Reactive arthritis is relatively rare, and the incidence in population-based studies is reported to be 0.6 to 27 per 100,000. Reactive arthritis is more common in adult males in the second and third decades of their life.
Reactive arthritis is an immune-mediated syndrome triggered by a recent infection. It is hypothesized that when the invasive bacteria reach the systemic circulation, T lymphocytes are induced by the bacterial fragments such as lipopolysaccharide and nucleic acids. These activated cytotoxic-T cells then attack the synovium and other self-antigens through molecular mimicry. This is supported by the evidence of Chlamydia trachomatis and C pneumoniae ribosomal RNA transcripts, enteric bacterial DNA and bacterial degradation products in the synovial tissue and fluid. It is believed that anti-bacterial cytokine response is also impaired in reactive arthritis, resulting in the decreased elimination of the bacteria. It is, however, unclear why such localization of inflammation occurs.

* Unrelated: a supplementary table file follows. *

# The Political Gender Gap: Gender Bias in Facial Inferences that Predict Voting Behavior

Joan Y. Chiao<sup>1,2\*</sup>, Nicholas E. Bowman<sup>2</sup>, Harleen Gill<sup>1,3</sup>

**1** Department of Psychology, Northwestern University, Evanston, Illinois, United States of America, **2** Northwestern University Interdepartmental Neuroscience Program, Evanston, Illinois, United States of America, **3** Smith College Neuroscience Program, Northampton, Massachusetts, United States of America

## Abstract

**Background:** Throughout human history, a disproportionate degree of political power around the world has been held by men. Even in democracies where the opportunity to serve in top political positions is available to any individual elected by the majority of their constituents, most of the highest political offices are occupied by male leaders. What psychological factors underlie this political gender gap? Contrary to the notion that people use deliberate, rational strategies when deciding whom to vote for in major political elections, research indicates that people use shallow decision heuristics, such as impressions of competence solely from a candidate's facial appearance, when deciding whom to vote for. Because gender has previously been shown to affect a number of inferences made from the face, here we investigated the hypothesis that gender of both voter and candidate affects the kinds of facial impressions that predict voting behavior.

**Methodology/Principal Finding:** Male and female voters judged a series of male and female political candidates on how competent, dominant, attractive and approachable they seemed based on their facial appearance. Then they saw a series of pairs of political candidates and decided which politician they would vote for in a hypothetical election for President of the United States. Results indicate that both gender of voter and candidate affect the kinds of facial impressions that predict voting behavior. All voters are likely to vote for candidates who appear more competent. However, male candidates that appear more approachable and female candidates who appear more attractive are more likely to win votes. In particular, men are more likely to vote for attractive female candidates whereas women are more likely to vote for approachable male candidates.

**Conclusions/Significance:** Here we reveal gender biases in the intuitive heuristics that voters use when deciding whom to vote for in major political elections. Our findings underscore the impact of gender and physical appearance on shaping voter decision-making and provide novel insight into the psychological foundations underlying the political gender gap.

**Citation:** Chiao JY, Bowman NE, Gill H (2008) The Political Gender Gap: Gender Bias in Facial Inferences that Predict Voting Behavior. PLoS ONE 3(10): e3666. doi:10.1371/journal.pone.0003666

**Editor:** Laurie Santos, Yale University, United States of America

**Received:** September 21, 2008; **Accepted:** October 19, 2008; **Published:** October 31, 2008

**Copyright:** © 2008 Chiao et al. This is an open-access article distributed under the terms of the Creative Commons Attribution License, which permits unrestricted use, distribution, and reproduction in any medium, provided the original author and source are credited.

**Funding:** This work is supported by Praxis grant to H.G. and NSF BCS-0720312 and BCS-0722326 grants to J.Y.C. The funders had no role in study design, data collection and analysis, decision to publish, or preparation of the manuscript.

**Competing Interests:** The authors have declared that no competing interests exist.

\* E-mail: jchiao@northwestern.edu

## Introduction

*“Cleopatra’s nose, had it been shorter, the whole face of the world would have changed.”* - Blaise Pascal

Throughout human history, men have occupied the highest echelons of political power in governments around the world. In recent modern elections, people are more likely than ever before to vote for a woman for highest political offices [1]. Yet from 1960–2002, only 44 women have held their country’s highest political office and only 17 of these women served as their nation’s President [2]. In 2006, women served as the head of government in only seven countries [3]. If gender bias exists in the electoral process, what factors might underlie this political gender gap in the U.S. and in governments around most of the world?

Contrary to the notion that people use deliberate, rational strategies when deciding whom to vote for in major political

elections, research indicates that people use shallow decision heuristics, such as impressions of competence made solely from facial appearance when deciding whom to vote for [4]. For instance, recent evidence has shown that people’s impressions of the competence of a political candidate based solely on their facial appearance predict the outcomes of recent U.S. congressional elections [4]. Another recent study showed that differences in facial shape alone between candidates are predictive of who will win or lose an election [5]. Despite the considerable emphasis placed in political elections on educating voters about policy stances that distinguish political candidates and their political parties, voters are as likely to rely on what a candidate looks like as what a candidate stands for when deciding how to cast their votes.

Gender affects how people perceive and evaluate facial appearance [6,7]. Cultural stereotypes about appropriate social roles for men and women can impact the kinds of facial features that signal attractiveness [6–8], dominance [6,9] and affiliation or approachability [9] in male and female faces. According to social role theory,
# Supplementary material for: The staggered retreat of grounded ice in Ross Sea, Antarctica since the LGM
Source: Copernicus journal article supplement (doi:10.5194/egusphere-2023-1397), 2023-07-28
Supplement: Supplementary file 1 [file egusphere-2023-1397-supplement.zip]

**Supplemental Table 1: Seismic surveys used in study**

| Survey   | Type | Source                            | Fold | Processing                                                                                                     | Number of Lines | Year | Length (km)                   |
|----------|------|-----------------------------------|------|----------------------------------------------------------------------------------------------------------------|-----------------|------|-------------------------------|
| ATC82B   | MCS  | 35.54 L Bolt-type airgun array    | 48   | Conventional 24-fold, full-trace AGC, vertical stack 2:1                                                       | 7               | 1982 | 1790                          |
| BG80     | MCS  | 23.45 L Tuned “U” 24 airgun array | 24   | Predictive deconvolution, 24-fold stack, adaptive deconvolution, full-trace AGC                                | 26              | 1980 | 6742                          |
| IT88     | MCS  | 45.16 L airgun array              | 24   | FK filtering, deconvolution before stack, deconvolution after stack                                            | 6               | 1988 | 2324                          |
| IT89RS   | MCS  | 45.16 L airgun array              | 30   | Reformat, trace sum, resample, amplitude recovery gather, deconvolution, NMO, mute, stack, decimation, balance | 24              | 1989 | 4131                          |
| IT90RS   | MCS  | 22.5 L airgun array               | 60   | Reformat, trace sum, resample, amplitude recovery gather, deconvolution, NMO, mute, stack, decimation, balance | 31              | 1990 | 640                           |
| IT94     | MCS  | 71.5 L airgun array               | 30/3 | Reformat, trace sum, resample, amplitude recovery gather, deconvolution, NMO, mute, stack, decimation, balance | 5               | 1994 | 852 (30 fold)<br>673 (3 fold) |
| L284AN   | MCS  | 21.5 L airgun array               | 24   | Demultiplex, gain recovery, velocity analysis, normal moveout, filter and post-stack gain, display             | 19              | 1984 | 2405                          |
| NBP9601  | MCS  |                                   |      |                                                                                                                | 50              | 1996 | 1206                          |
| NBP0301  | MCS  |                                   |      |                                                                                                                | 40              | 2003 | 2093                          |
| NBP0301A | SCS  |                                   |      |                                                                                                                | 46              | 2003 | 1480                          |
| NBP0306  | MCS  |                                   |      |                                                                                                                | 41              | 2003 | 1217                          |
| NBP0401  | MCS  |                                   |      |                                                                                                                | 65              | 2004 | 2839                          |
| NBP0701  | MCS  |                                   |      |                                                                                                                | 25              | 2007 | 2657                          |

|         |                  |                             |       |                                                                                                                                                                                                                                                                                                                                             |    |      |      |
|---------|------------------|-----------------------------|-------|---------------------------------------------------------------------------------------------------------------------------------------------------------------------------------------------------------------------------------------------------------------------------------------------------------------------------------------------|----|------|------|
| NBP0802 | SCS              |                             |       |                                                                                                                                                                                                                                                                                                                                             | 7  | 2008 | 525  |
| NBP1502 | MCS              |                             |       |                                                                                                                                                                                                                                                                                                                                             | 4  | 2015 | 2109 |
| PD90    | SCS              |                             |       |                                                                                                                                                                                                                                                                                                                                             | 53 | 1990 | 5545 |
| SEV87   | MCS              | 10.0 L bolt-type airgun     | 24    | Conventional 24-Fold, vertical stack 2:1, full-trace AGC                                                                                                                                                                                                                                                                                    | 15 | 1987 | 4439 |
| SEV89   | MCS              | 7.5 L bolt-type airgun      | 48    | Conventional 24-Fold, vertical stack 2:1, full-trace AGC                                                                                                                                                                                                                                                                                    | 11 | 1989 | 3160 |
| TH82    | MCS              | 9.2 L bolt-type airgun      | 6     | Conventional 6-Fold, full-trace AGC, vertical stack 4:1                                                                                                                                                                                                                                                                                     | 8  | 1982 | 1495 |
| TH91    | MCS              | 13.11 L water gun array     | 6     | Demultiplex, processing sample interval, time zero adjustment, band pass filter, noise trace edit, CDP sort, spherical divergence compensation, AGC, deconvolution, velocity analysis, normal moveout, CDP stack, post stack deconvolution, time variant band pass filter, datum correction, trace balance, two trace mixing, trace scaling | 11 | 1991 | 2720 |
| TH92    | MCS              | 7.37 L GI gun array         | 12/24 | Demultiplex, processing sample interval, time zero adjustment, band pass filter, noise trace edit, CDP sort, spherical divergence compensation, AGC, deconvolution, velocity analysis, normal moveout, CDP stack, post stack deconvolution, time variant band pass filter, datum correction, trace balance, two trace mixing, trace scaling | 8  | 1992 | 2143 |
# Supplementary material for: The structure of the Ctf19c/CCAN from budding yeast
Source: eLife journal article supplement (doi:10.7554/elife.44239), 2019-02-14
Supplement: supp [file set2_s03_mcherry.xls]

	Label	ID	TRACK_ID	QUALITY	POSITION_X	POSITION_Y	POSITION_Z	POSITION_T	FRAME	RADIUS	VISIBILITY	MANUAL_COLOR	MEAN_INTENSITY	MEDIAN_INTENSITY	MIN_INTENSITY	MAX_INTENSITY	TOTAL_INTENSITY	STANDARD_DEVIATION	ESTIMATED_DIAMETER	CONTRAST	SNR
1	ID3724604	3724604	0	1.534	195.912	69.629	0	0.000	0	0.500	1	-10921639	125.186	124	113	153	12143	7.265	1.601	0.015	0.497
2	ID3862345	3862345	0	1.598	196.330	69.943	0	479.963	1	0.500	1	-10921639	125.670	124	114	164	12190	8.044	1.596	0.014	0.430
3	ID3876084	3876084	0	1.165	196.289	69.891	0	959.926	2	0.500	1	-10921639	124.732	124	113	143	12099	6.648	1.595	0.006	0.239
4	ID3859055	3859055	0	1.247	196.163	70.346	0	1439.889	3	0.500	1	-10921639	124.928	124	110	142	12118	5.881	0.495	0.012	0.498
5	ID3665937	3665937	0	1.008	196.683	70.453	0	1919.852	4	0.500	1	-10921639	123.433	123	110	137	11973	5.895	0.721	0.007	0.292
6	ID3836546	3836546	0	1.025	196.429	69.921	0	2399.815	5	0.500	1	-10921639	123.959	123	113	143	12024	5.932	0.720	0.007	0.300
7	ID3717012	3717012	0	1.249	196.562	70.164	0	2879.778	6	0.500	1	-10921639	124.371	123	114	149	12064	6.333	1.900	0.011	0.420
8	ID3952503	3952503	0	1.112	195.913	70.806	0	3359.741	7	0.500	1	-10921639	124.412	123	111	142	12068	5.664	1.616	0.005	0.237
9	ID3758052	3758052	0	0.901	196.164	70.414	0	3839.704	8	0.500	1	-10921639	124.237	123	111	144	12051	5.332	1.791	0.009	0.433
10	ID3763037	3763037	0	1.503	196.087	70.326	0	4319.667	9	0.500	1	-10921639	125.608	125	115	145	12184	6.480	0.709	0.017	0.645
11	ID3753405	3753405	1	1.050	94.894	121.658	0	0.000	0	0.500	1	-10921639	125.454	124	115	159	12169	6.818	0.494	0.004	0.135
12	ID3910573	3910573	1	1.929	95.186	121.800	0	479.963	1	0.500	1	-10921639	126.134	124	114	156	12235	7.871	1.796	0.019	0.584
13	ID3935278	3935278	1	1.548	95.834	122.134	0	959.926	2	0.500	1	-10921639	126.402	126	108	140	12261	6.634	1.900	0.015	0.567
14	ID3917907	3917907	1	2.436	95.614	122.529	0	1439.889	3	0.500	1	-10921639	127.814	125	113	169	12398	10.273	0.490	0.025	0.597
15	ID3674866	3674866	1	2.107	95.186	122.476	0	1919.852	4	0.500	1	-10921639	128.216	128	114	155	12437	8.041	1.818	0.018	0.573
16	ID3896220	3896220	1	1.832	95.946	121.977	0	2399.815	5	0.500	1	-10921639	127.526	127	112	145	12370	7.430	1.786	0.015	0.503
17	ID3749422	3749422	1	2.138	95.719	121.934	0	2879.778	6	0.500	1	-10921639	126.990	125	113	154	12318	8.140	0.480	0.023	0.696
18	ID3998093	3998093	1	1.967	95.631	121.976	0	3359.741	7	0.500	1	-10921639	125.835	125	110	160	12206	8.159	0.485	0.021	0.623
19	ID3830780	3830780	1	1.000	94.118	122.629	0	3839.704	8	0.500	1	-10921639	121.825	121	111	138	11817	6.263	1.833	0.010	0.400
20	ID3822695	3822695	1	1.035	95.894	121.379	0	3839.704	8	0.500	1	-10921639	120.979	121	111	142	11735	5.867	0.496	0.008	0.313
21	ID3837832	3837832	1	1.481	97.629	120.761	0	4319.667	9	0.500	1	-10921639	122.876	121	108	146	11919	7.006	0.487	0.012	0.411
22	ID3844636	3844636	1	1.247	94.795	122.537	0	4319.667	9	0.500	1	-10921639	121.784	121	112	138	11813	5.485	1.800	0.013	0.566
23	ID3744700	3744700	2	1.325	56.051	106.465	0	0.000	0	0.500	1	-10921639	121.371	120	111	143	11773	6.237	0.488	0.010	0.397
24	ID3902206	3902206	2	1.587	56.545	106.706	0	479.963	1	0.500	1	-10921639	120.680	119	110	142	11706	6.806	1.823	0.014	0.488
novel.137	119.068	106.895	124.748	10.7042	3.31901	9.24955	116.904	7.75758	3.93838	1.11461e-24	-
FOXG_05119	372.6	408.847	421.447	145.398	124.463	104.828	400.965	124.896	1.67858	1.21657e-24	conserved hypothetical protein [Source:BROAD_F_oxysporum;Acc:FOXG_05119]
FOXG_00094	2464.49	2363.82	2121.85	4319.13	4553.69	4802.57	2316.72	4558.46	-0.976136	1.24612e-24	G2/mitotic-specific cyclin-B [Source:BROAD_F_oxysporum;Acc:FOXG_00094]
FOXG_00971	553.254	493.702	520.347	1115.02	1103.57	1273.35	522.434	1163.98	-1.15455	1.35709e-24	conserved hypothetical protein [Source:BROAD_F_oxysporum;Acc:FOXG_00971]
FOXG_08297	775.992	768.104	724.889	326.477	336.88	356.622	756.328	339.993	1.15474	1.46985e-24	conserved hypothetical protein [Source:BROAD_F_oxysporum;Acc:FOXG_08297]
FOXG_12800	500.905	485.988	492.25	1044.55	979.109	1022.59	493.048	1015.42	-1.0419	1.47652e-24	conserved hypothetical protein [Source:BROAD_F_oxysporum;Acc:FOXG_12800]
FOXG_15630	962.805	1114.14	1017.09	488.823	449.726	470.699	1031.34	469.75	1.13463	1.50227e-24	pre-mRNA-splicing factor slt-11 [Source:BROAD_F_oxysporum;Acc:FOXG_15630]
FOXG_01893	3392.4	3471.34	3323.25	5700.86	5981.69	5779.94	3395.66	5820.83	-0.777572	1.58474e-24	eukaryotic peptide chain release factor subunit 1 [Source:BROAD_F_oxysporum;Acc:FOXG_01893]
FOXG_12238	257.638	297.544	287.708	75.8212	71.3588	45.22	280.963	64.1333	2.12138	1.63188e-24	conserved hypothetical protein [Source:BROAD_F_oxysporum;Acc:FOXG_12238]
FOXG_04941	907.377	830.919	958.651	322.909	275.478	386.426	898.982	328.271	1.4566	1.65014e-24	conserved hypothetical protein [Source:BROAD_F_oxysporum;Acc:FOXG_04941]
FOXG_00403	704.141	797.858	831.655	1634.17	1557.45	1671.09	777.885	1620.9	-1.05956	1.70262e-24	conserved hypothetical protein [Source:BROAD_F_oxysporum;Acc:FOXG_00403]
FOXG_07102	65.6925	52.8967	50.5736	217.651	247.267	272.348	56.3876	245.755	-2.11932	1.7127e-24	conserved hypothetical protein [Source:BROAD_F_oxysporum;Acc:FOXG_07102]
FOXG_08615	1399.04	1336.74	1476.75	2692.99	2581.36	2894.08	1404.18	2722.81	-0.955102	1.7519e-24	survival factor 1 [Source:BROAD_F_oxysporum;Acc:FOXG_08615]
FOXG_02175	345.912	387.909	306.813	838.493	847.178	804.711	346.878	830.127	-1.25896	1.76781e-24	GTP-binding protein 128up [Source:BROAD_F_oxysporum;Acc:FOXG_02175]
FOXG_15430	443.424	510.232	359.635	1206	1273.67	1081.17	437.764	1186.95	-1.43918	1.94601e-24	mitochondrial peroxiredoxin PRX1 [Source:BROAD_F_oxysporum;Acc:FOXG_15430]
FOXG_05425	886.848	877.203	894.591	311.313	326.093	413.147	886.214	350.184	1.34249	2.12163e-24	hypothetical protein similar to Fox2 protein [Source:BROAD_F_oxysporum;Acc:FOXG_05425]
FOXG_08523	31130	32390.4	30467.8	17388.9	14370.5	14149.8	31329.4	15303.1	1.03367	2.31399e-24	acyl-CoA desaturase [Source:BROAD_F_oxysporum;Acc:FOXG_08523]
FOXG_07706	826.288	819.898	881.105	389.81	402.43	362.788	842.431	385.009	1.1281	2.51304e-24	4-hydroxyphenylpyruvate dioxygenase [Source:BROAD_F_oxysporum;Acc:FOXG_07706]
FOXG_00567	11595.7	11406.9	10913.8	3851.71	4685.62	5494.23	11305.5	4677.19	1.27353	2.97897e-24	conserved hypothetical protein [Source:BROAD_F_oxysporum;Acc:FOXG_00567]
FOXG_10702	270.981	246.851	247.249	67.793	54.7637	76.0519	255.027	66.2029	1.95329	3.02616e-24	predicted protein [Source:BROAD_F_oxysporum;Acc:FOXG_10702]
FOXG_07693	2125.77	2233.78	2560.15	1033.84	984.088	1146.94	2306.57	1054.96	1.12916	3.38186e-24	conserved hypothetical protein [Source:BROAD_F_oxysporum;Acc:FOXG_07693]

The prevalence of HLA-B27 in reactive arthritis is estimated at 30% to 50% in patients with reactive arthritis, although values range widely. In hospital-based studies with more severely affected patients, frequencies as high as 60% to 80% have been reported. HLA-B27 should not be used as a diagnostic tool for a diagnosis of acute ReA. The presence of HLA-B27 is believed to potentiate reactive arthritis by presenting bacterial antigens to T cells, altering self-tolerance of the host immune system, increased TNF-alpha production, promoting invasion of microbes in the gut, and delayed clearance of causative organisms.